Today we are going back to some of Beagle’s astonishing early work.  Here are some examples.

Stable of Dragons

I keep nine dragons in an old cow barn,
And sometimes I go down to look at them.
I didn't build the barn — I bought it
From a little old lady from Pasadena,
Who was arrested, the last I heard,
For selling the North Star
To a blind man.
          I bred the dragons.
I fed them on sorrowful meat and marmalade
And lighter fluid and an occasional postadolescent
Chicken. And then I built a house
Far away from the stable, because things burn down
Where dragons are.
          Outside the barn
Are fallen birds, their wings scorched
To fluff. The earth is livid, broken veined and rashed,
Pimpled with crimson ash and dragon droppings,
Big enough to fertilize the whole frigid world.
Within are dragons.
          The roof beams are low.
They are crowded and it makes them short tempered.
They smell of marshes and the lowland sea,
Starfish and seaweed and smashed clams dying in the sun.
They have small ears and their eyes are octagonal;
Their teeth are urine-yellow as contempt, and the hairs of their manes
Are like chains.
          The barn is lanced
With the raucous fire of their laughter, for they do
Breathe fire. Or perhaps the fire breathes them.
Dragon-scented fire it is, and it casts their shadows
On the mud-plastered walls.
          The males are coin scaled and sluggish.
Their wings are short and weak, useless
As an idea to a general. They cannot fly.
They will not walk. Therefore they lie amid applauding ashes
And breathe irrelevant damnation.
          But the females!
They are the purple of outdoor claustrophobia,
And they move like dusk. They have winter-colored wings,
As wide as cathedral doors. They pace the floors
Of their stalls, and their claws make an impatient sound,
As if they were scratching at the earth
To be let in.
          It is a waking sound.
I hear it in my high bed at night, and I cannot sleep
Until they do. And they never sleep
Unless they are satisfied. And they are never all satisfied
At once. There is always someone awake.
When I come in, their heads turn on their crested necks,
And they look at me out of their stained-glass eyes.
They know my name.
          I have mated with them.
I'm not the first. I never was an innovator. Knights used to do it.
They killed them later, when the angled eyes were dark with sleep,
And the knights were ashamed. So they killed them
And some were made saints for it. But I think
They were a little lonely in bed with their wives
For a while.
          I have embraced dragons in my time.
I have held my mouth on white-toothed fire, and been drawn
Down the whirlpool gullet that seared me to wakefulness.
I have felt claws sunk in my back,
Straining me against silver-dollar scales, and heard a strange heart
Exploding in my ears like a drunken grandfather clock.
And I have left my seed to care for itself
In a new and bitter cave.
          Then I have crawled away
And lain in the fields, my flaking skin crackling like wrapping
paper, reddening the well-meaning air
With my blood. And from the stable
Through the scarred, shut door, there comes no sound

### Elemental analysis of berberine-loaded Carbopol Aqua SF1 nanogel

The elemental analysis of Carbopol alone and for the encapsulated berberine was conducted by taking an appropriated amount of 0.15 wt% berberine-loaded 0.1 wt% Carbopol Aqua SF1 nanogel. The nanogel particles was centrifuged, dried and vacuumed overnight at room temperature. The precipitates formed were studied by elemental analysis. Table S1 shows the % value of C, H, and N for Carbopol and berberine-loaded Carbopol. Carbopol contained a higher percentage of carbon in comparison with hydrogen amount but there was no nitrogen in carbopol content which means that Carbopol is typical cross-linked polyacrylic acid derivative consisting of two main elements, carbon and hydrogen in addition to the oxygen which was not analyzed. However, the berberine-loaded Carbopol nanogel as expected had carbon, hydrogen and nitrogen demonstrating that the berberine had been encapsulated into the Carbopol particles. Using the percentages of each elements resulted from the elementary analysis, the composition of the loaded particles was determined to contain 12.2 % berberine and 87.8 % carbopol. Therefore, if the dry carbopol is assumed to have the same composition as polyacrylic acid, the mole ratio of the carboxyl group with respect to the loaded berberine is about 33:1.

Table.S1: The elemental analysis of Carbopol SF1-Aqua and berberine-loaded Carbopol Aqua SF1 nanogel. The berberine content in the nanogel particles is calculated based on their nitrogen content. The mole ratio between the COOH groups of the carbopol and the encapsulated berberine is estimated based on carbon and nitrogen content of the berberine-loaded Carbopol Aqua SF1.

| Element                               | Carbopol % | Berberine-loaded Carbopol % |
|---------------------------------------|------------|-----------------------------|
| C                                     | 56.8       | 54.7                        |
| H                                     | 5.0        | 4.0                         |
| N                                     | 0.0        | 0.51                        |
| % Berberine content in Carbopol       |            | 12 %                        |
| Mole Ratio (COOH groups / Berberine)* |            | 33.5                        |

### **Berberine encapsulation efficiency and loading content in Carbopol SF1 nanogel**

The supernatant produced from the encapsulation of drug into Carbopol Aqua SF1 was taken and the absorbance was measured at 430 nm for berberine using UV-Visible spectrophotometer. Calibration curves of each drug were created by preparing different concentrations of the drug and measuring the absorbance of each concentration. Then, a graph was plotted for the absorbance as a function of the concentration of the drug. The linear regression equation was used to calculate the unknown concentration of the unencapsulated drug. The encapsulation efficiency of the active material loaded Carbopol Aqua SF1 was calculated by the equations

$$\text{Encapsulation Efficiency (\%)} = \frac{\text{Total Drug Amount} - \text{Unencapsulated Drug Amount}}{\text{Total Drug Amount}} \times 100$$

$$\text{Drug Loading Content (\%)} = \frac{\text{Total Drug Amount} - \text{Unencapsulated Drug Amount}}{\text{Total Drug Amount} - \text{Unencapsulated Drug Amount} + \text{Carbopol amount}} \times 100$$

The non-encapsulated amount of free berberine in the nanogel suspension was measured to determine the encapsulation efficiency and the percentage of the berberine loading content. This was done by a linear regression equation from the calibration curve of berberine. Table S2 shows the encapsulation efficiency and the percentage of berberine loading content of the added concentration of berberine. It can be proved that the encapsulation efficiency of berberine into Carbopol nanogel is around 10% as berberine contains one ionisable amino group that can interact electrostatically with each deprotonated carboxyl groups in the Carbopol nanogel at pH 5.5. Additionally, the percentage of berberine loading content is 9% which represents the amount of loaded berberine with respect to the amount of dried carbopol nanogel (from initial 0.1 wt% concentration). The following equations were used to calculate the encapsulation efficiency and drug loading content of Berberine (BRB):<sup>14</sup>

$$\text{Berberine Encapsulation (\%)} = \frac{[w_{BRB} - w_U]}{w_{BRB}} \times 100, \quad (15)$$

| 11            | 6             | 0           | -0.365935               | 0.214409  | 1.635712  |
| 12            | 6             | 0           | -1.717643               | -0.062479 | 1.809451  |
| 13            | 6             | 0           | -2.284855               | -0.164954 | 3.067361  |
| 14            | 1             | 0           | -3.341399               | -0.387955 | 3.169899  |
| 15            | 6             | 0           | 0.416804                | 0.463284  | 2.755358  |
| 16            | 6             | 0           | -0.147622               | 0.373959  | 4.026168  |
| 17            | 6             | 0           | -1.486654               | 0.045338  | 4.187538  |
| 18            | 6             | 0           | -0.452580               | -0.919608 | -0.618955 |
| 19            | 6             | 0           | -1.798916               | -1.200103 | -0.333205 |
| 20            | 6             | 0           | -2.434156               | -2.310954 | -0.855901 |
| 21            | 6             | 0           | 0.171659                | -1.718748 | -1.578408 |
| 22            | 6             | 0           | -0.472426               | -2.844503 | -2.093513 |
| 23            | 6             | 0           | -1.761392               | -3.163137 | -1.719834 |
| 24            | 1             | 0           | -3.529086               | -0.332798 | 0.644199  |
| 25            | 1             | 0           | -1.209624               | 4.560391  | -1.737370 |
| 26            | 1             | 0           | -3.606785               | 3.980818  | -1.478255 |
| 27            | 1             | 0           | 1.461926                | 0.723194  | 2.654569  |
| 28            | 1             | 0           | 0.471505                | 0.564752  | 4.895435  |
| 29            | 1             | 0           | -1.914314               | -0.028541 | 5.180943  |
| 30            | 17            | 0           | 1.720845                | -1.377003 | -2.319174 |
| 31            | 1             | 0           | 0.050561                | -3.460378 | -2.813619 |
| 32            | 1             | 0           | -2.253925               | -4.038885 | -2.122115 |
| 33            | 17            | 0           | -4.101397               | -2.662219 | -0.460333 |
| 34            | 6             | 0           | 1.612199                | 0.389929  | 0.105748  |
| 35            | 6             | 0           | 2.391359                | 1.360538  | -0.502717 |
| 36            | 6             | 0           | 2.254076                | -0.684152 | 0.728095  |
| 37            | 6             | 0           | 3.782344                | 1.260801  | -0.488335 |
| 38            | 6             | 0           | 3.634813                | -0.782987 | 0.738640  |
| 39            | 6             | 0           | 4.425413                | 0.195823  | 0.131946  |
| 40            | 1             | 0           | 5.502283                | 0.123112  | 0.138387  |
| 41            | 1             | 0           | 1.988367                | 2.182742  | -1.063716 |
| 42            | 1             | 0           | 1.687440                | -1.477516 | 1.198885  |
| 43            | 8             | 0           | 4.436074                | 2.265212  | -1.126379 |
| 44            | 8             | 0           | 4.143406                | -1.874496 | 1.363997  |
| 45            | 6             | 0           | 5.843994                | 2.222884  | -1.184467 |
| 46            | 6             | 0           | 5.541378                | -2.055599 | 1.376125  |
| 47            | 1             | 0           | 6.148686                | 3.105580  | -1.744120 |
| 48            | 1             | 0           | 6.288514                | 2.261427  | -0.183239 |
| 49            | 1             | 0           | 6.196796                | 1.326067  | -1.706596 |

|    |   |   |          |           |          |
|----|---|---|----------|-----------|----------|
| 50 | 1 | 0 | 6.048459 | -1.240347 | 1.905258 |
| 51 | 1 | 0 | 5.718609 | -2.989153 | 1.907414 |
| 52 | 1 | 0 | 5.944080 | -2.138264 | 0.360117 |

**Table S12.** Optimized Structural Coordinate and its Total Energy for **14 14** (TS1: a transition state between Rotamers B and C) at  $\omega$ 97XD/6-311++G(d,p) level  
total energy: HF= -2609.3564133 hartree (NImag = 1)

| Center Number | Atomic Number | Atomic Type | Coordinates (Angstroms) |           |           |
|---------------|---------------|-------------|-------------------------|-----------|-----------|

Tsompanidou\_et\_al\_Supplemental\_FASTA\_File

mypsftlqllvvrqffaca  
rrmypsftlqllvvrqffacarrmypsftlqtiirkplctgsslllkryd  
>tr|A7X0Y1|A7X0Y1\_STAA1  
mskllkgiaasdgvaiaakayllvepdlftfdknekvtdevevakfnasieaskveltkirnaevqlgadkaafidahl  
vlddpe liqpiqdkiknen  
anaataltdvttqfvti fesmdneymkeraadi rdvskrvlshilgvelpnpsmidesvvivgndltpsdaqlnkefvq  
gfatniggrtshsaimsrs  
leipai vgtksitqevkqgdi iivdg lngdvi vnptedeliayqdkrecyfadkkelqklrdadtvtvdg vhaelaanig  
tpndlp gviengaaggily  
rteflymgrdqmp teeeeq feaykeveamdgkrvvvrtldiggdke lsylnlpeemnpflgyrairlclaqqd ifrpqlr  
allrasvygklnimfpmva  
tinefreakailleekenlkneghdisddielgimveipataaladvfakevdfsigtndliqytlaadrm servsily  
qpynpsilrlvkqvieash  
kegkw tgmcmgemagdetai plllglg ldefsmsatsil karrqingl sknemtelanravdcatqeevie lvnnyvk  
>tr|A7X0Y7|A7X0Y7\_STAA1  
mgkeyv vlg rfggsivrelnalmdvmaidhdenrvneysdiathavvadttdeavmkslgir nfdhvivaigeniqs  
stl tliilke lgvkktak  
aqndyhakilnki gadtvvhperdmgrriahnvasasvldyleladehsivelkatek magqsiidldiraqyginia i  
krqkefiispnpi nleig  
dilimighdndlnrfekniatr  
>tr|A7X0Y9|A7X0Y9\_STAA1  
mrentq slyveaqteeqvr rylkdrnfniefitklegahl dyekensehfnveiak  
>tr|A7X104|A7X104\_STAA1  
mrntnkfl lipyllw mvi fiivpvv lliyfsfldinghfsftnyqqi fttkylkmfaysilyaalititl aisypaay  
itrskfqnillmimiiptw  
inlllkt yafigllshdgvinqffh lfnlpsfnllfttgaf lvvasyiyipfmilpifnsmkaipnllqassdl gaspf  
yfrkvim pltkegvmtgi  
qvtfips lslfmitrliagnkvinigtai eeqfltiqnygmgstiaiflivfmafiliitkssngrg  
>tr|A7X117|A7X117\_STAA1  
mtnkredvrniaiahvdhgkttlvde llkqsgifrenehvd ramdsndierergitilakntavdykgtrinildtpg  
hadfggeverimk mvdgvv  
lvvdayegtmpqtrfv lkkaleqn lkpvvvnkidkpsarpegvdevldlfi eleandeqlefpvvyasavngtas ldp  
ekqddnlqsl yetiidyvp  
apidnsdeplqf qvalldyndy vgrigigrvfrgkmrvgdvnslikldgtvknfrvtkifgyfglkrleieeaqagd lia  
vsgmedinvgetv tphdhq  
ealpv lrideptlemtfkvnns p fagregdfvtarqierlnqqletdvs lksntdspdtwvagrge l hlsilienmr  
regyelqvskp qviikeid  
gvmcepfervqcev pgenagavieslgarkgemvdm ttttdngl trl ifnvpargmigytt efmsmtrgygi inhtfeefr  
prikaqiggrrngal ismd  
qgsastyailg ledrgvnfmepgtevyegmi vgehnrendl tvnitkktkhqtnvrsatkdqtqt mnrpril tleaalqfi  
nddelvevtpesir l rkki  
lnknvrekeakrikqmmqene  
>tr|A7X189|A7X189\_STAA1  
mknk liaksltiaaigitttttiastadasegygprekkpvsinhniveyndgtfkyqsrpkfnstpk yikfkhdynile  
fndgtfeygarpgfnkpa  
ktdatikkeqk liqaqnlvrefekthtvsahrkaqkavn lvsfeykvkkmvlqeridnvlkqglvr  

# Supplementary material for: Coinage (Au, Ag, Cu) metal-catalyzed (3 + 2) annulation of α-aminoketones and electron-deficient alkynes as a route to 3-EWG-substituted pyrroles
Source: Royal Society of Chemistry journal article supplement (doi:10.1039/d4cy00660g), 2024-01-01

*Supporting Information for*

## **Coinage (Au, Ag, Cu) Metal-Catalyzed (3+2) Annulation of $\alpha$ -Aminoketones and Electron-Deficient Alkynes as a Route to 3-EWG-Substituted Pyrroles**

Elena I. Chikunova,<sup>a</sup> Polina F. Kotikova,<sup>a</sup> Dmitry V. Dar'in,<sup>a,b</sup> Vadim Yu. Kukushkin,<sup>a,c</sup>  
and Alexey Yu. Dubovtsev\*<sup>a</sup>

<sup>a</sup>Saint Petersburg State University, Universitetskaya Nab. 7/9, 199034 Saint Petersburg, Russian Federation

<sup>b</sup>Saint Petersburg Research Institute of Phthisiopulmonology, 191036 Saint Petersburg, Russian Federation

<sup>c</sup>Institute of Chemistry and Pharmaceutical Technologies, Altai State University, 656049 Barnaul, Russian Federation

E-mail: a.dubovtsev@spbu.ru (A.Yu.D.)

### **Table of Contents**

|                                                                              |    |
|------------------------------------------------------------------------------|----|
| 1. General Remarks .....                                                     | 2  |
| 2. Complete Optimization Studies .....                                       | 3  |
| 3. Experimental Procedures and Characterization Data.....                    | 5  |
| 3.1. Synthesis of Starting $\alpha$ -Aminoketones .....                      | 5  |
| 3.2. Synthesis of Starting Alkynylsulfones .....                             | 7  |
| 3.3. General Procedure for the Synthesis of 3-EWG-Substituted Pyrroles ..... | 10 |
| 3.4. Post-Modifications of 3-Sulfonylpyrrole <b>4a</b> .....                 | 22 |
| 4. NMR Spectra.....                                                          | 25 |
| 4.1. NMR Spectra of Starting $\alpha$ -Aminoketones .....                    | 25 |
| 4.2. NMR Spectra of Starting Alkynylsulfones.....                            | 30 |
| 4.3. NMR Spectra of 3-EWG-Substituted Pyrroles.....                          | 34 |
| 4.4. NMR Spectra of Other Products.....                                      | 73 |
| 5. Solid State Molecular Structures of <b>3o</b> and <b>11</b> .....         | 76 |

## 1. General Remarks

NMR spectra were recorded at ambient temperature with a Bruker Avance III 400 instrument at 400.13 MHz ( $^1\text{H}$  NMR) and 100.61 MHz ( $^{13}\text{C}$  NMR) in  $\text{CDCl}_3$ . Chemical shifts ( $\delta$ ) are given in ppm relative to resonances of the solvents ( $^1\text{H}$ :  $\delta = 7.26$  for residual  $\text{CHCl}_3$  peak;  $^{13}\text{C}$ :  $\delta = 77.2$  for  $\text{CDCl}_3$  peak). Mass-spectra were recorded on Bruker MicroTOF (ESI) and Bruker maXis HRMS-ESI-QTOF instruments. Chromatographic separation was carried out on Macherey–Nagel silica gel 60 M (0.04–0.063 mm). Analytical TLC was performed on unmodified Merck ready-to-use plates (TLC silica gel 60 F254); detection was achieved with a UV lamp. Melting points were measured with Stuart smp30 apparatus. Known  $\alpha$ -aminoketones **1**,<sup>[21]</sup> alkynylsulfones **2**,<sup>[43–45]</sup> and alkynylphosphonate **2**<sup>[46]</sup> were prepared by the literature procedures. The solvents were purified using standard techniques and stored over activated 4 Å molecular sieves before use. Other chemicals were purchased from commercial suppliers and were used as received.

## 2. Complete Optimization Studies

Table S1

Of querulous claws.
          A dragon is sleeping.
I think that I shall have a son someday.
He will be handsome, with sharp teeth.

Constructive Criticism

(As I write this, in November of 1959, they’ ve been doing the book burning bit in exotic Memphis. The American Legion Anti-Smut Committee, or title to that effect. D.H. Lawrence, Grace Metalious, and Shelby Foote, side by side. They would have burned Henry Miller too, but the head of the ALASC locked up his library and stood with his back to the door.)
I do not say that what you do is wrong.
Book burning is a good idea at times.
A concept can be shot to hell by song;
A ruler can be riddled through by rhymes.
A fire's a pretty thing. When men began
To feed false poets to the hungry gold,
They burned the book, and if they found the man —
Well, fires are good, and frightened gods grow cold.
But let us have some breadth of vision here!
Not one fire, but a thousand 's what you need.
For if the word of man is what you fear,
You must burn all the words. You see, they breed.
Reflect, my gentlemen, and count the cost:
If you burn one, burn all — or you are lost.

The Ferret Speaks Under William Blake'’s Window

Well, Mr. Blake sir, here I am,
Neither a tiger nor a lamb —
That pair of fearful symmetries
Through which a poet hopes to seize
The manes and tails of mysteries.
No, I am I. My furious pride
Is not by beauty justified.
Marrow's my meat, and blood's my drink —
I hunch and scuttle, and I stink
Of small hot thoughts you dare not think.
Send out your tiger, bid him kill!
He may retreat — I never will.
I have no thirst blood cannot slake;
I ask for naught I cannot take —
And least your liking, William Blake.
Yet, like your lamb, your shepherd boy,
I also dance for thoughtless joy,
Flickering, reeling, spinning free
Of all but that old ecstasy
That trembles, maddens, dances me.
Therefore, if you should chance to make
A little place for dancing's sake,
I would accept it, William Blake.
–Peter S. Beagle

1 comment:

  1. While Beagle may be better known for The Last Unicorn, A Fine and Private Place was my all time favorite book. I still have my copy from 1968 and have read it several times. This glimpse into our spirits and loving take on the afterlife holds all the grace, joy, and surprise that we find in life itself. Mr. Beagle is a great writer and always will be.